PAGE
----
Thursday, October 15, 2009

Defining Success

I was made to think a little about how we define success recently. Usually you'd think the process is pretty simple; set your goal, make sure its measurable, perform and see if you make the grade or not? Of course life isn't that simple. That was brought home when I was searching through the internet trying to find out what was happening on the Ironman World Champs in Kona over the weekend. I was particularly interested to see how Philip Graves, a 20 year old from York and the youngest male competitor was doing. He'd got a lot of publicity in the build up to race as he's a genuine talent on the bike and some were tipping him as an outside contender.

It turned out that he'd had a fantastic swim (4th out the water) and started the bike like a demon, taking the race lead. But around mile 50 the wheels began to come off metaphorically speaking of course. His eventual bike split was a long way behind the leaders and his finishing time for the whole race well over 9 hours, much slower than many had predicted. From afar it all looked a bit of a disaster and some web pages hinted that he'd been taught a lesson etc....

It was interesting to hear a little post race interview on imtalk with him that put a very different slant on Graves performance. He seemed genuinely up beat, as he said he got to feel what it was like to lead the world champs, he also picked up a prize by Timex for the fastest initial bike split and as he said perhaps in 4 or 5 years time he might be able to get the bike record. Graves of course could have paced better and perhaps come in 30th instead of 50-0dd and been anonymous during the race, instead he got out in front of the world's best and learned an awful lot for future Konas.

On a personal level I've got my first half marathon coming up in just over a week and I've no idea what time I'm going to manage and what should equate to success. I went to the track today on a rainy Sheffield day and again didn't know what to expect. I'd just returned from a weeks holiday in Cyprus staying at a fine hotel with amazing buffets of food every night. I'd managed quite a bit of running and swimming in the sea but my legs felt as heavy as my belly. It was a nice lift therefore to find that I'd made good running progress; repeating a session I did a month ago of 1600m reps and managing each "mile" at an average of 12 seconds faster than last time. Secretly this is what I'd wanted to do, but didn't really want to admit it to myself in case I was setting too high goals. Ive an equally ambitious time in mind for the half marathon and hoping I'm hoping I can surprise myself again. We'll see in just over a week.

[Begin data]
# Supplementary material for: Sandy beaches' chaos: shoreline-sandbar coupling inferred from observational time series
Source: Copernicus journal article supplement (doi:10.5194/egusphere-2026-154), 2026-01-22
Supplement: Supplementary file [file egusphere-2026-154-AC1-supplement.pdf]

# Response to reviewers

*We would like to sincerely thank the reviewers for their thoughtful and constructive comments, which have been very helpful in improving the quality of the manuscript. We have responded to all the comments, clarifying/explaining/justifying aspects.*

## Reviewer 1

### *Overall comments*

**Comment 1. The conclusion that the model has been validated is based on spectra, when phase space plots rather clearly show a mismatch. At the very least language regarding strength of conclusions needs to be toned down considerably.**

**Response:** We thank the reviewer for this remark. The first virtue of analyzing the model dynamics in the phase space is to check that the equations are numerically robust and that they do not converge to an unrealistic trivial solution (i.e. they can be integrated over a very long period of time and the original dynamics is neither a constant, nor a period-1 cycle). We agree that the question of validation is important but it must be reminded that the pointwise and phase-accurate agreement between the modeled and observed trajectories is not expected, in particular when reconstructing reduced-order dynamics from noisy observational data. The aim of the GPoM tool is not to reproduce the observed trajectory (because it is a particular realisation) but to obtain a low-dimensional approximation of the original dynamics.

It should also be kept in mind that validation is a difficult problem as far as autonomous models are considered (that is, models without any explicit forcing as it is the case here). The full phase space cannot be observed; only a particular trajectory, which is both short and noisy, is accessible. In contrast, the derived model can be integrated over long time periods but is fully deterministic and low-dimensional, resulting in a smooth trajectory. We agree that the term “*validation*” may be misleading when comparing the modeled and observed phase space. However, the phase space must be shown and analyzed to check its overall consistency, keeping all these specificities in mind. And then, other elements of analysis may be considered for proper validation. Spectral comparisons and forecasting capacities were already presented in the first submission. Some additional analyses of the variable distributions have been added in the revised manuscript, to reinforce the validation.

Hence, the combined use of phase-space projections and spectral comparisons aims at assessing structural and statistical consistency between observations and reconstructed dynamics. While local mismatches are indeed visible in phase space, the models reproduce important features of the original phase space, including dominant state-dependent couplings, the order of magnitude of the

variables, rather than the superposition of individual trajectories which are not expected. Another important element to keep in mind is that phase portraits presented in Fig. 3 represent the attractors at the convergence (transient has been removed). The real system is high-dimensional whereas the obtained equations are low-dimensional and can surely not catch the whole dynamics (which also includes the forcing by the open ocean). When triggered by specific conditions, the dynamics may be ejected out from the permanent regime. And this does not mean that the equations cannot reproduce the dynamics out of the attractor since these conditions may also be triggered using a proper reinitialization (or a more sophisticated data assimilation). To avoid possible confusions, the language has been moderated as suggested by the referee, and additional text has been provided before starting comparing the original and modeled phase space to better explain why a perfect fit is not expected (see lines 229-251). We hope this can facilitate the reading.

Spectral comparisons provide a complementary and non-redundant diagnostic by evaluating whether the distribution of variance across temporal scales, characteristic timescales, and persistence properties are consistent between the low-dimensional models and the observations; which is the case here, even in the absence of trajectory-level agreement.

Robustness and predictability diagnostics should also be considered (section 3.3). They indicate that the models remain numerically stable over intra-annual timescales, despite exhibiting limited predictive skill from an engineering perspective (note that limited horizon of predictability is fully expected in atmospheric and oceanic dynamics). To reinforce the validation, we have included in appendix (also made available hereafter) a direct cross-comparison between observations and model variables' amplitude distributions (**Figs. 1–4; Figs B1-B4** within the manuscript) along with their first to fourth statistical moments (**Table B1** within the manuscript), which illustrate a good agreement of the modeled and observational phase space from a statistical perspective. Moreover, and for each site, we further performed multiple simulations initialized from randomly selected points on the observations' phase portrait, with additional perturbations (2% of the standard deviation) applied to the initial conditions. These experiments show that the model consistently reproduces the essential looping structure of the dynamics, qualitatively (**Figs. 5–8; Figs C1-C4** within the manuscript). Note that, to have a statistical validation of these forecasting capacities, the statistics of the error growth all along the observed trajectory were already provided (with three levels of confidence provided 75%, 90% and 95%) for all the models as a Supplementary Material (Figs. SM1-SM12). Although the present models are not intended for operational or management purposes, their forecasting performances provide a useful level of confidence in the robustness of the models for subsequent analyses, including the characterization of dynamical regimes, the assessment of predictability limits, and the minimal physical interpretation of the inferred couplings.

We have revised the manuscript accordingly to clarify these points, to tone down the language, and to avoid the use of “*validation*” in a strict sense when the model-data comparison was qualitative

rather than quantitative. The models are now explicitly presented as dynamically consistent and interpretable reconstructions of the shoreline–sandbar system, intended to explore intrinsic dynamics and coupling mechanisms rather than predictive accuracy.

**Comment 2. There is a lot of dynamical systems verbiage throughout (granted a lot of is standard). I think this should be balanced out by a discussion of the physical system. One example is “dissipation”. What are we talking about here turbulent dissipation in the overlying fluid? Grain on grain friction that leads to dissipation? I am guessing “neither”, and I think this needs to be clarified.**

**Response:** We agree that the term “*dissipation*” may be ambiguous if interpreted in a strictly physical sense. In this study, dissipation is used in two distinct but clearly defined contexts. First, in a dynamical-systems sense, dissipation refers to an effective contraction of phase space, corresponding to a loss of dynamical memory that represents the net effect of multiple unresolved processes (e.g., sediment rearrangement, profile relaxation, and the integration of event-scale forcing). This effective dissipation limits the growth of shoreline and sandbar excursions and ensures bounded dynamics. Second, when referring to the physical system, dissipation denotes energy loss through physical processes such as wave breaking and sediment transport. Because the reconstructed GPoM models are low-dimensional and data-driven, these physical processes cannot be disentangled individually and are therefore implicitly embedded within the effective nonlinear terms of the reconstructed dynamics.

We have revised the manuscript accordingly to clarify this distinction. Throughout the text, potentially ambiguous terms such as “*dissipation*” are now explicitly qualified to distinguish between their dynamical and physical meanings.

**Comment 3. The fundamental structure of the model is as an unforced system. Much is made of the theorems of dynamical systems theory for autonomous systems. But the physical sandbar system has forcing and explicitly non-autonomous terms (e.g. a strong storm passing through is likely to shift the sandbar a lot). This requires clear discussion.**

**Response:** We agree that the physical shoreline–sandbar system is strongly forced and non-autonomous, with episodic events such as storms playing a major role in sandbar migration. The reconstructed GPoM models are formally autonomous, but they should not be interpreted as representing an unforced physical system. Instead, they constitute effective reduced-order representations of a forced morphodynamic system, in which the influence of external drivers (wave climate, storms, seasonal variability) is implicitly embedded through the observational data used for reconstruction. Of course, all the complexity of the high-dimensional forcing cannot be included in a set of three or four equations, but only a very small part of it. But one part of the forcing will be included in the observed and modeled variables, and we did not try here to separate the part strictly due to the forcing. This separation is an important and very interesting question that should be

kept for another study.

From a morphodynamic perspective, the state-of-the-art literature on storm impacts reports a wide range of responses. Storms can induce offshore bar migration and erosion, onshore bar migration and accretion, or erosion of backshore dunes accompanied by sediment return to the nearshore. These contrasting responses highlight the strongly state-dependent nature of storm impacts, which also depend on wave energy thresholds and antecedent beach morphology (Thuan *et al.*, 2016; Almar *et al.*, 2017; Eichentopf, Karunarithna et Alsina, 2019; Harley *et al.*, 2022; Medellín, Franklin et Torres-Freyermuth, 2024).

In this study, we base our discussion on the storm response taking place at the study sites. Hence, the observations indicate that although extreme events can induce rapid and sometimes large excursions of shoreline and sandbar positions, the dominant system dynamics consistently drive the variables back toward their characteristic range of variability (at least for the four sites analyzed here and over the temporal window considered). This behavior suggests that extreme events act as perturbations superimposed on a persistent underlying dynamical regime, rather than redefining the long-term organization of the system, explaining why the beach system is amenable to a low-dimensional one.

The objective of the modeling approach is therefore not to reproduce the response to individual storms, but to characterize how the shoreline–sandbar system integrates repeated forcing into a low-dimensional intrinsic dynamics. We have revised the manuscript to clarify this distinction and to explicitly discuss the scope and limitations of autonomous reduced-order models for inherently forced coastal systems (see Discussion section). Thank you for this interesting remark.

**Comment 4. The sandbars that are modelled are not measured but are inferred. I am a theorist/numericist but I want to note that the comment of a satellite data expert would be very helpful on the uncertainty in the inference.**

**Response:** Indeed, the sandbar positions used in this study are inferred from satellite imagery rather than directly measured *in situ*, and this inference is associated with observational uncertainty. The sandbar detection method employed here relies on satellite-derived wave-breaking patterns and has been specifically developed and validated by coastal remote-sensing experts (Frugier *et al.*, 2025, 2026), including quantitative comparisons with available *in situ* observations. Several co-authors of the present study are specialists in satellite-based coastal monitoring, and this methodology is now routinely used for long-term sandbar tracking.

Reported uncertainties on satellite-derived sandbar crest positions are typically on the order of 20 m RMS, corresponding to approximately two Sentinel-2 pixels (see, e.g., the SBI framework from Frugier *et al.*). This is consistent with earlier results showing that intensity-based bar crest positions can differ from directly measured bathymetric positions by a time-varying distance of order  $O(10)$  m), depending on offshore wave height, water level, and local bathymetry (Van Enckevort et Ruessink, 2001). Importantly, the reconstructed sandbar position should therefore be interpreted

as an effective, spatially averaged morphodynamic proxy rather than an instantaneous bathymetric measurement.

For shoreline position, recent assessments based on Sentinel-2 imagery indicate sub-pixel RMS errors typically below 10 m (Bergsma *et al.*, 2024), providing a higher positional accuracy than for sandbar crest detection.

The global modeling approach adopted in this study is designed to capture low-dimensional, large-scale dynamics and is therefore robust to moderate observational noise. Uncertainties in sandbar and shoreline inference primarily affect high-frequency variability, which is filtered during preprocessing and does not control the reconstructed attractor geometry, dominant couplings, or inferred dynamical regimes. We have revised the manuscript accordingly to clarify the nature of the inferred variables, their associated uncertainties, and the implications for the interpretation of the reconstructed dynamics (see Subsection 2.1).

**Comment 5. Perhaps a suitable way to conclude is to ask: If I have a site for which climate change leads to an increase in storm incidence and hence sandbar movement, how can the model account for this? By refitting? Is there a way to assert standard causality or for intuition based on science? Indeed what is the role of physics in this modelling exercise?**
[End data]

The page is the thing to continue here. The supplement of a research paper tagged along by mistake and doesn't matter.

Jack said...

Good luck in the half marathon Ian. I wish you success!

Defining success in climbing is equally as impossible of course, and when you said "congratulations, you finally got up a route", I smiled to myself and thought of all the fantastic days that came before the 'successful one'. And also of all the days that friends have put in to their recent redpointing. Those that climb at their best are those who never feel like they've had an unsuccessful day. Climbing somewhere like Parisella's or even at our board has taught me that the most successful days are often those without a 'tick'. I think Neil Dyer is the ultimate example of this and his recent no frills ascent of an 8c is proof of the pudding.

Concentrating on the "future perfect tense" whilst training for sport is the most self defeating yet subtle barrier to success.

In sport as in life...

Ian Parnell said...

Wise words Jack.

Interestingly as I wrote this post I thought of what Stevie might say. Perhaps that if you don't make the grade, it's all just excuses and that without concrete goals I'm just trying to put spin on my failures.

Hopefully everyone finds their own way of "finally getting up their route". One thing is for sure though I should blog less and climb more!

Anonymous said...

Alright baw sack here's a challenge for you - how many straight arm to chin touch axe pull ups in an hour? I was intrigued for myself after reading (again) about Haston's training programme. First go - and first tooling sess of the autumn - I got 267. totally amazed how hard it is - 2000 in a day seems a long way off! An interesting experiment though and nice to shock the system...

cheers, Guy

Ian Parnell said...

Just as well you're in training Mr Anon, as you'll be struggling this season to keep up ;-)

I'll give your challenge a go next week, I'll be amazed if I make it to a hundred. What Ive been doing instead is pyramids i.e. starting at 1, the 2 then 3 etc, I think they work well as on the downside of the pyramid you are pretty close to failure on every set, i.e. by the time you get back down to 5, the 4 then 3, the last one each of those sets is doing the business. Do 10 sets of 10 say and the first 5 or so sets are just spent getting you fatigued.

The other thing is I'm holding my axe shafts really high i.e. not using the handles or grips, so I'm also working my grip - I usually find my grip goes before my ability to do a lock off - hence the ammount of axes Ive dropped.

As for Stevies huge pull-up count it obviously works for him but it seems like he's exceptional. Take Patxi Usobiaga multiple world champ, 8c+ onsight etc a recent blog entry of his detailing a particularly tough training week was entitled 164 routes and 1200 pullups in a week. Thats 1200 in a week, not a day, let alone an hour!

I think the key thing with training particularly for a stamina "sport" like winter climbing is consistency of training. 200 axe pull ups 3 times a week would be better than an occasional 600 pull-up session and then the week off to recover. Anyway youve seen me climb and you'll know the physical side ain't my strong point.